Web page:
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Title: Migrant lives : a comparative study of work, family and belonging among low-wage Romanian migrant workers in Rome and London
Author: Torre, Andreea Raluca
ISNI:       0000 0004 2746 7284
Awarding Body: London School of Economics and Political Science (University of London)
Current Institution: London School of Economics and Political Science (University of London)
Date of Award: 2013
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Framed within the context of growing economic changes generated by globalisation in Europe and of the transition towards an increasingly service-based economy and therefore labour market restructuring, the present study investigates the intersecting lived experiences of work, family and belonging of intra-European migrant workers and their families in Rome and London. In particular the comparative examination focuses on the dynamics of mobility and work which Romanian women and men are embedded in and enact within the transnational geo-political space of the enlarged EU, as well as on the mechanisms and processes influencing their transnational mobilities. The analysis, based on a longitudinal multi-sited fieldwork conducted in two European locations – Rome and London - develops within three key institutional sites of migration: labour market, family and “community”/belonging. Within each of these, a specific process of migration is then explored: access to and participation in the labour market, transnational family formation and activities, formation and meanings of belonging/“community” in the two cities. The overall aim is to compare and provide an in-depth account of the various dimensions of Romanian migrants’ experiences in the context of different national and supranational policies, labour market realities, and socio-cultural institutions. Furthermore, the in-depth exploration, which combines narrative interviews and participant observation, provides empirically grounded insights into the existence of variables such as nationality, gender, class, historical experiences and long term individual or collective/family goals, which, together with social and immigration policies, labour market demands, work permit systems, and new geo-political openings of the European Union, are involved in and effectively influence migratory and settlement decisions and practices. As such, the study provides a valuable contribution to the empirical and theoretical advancement of studies on transnationalism in the current evolving space of the EU.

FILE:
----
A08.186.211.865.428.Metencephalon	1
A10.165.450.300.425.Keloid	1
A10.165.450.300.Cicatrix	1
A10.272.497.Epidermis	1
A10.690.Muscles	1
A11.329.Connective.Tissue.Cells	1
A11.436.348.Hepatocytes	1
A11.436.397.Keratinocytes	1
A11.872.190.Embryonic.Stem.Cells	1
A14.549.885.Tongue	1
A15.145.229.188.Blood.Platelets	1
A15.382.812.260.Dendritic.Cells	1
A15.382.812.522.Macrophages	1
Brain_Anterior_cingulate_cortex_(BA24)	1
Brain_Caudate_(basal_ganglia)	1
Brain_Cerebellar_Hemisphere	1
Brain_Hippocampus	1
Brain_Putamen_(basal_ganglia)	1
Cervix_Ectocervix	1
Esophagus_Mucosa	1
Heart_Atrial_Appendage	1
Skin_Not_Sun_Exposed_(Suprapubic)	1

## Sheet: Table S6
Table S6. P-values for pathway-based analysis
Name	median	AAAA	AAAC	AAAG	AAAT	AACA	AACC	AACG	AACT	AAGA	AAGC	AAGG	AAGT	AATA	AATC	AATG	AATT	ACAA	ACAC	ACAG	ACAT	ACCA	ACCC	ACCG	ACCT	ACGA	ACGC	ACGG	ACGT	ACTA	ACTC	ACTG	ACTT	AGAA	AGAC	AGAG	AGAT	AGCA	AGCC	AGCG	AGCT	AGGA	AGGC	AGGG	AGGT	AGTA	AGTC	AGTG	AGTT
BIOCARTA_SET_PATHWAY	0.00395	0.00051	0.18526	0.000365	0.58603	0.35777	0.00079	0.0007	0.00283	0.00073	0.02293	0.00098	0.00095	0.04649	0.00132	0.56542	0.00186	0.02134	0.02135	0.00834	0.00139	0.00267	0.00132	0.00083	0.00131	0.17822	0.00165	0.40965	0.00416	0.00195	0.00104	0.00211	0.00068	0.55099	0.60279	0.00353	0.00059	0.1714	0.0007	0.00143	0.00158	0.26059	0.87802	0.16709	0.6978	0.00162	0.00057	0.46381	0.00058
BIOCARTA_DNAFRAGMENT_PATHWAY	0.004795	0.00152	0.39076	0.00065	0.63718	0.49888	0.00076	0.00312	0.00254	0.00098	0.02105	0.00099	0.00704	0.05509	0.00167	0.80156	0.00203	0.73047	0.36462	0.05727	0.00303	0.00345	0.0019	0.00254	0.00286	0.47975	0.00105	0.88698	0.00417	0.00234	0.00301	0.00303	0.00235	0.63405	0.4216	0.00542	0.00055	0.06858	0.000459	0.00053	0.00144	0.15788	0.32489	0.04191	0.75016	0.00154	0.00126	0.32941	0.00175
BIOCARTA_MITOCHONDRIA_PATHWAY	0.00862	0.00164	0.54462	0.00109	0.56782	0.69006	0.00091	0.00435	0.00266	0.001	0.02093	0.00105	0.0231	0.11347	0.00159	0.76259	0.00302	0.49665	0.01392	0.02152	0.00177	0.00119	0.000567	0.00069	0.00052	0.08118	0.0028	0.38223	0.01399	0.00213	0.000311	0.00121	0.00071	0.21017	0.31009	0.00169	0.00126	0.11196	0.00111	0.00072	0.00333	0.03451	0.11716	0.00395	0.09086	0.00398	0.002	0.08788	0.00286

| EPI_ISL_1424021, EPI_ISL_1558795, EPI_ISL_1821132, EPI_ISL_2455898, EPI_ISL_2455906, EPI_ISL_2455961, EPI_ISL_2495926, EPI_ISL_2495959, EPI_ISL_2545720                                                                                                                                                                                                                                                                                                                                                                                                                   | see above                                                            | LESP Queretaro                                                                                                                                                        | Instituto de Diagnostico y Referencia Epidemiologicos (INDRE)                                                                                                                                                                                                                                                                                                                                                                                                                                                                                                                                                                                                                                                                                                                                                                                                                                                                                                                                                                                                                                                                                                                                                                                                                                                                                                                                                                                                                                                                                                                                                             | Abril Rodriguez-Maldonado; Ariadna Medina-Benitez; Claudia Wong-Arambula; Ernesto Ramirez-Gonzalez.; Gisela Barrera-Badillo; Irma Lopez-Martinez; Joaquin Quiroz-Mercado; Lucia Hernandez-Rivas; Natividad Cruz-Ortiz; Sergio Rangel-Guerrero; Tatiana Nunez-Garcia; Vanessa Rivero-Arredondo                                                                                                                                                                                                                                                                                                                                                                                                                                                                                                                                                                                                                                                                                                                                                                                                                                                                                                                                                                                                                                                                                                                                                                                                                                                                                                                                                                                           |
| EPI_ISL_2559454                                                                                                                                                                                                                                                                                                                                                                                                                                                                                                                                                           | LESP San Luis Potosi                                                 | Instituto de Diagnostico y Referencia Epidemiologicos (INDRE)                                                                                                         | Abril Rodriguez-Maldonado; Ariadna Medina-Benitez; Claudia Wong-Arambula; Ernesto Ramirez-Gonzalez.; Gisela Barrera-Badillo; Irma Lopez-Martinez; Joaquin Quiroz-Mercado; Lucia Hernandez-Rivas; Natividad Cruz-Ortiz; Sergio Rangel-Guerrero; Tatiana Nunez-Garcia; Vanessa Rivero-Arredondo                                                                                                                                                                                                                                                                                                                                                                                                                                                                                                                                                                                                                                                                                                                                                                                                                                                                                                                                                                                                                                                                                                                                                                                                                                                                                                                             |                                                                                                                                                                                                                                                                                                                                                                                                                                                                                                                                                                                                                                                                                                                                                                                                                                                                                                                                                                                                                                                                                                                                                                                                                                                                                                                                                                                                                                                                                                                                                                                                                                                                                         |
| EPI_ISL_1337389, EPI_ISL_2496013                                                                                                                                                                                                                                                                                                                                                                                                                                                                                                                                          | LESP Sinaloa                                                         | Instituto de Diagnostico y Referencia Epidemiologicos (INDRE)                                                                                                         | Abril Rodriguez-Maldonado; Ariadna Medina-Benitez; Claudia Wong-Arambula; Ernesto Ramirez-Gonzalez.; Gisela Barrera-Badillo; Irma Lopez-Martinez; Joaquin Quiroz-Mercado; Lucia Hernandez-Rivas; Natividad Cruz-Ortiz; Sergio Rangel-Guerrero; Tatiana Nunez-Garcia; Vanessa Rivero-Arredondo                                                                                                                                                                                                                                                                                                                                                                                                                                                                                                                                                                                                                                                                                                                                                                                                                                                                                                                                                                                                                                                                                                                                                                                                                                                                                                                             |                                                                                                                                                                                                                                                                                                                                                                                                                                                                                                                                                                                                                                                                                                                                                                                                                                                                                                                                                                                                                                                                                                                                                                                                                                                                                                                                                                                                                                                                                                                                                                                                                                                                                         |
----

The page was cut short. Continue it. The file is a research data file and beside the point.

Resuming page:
Supervisor: Not available Sponsor: Not available
Qualification Name: Thesis (Ph.D.) Qualification Level: Doctoral
EThOS ID:  DOI: Not available
Keywords: HT Communities. Classes. Races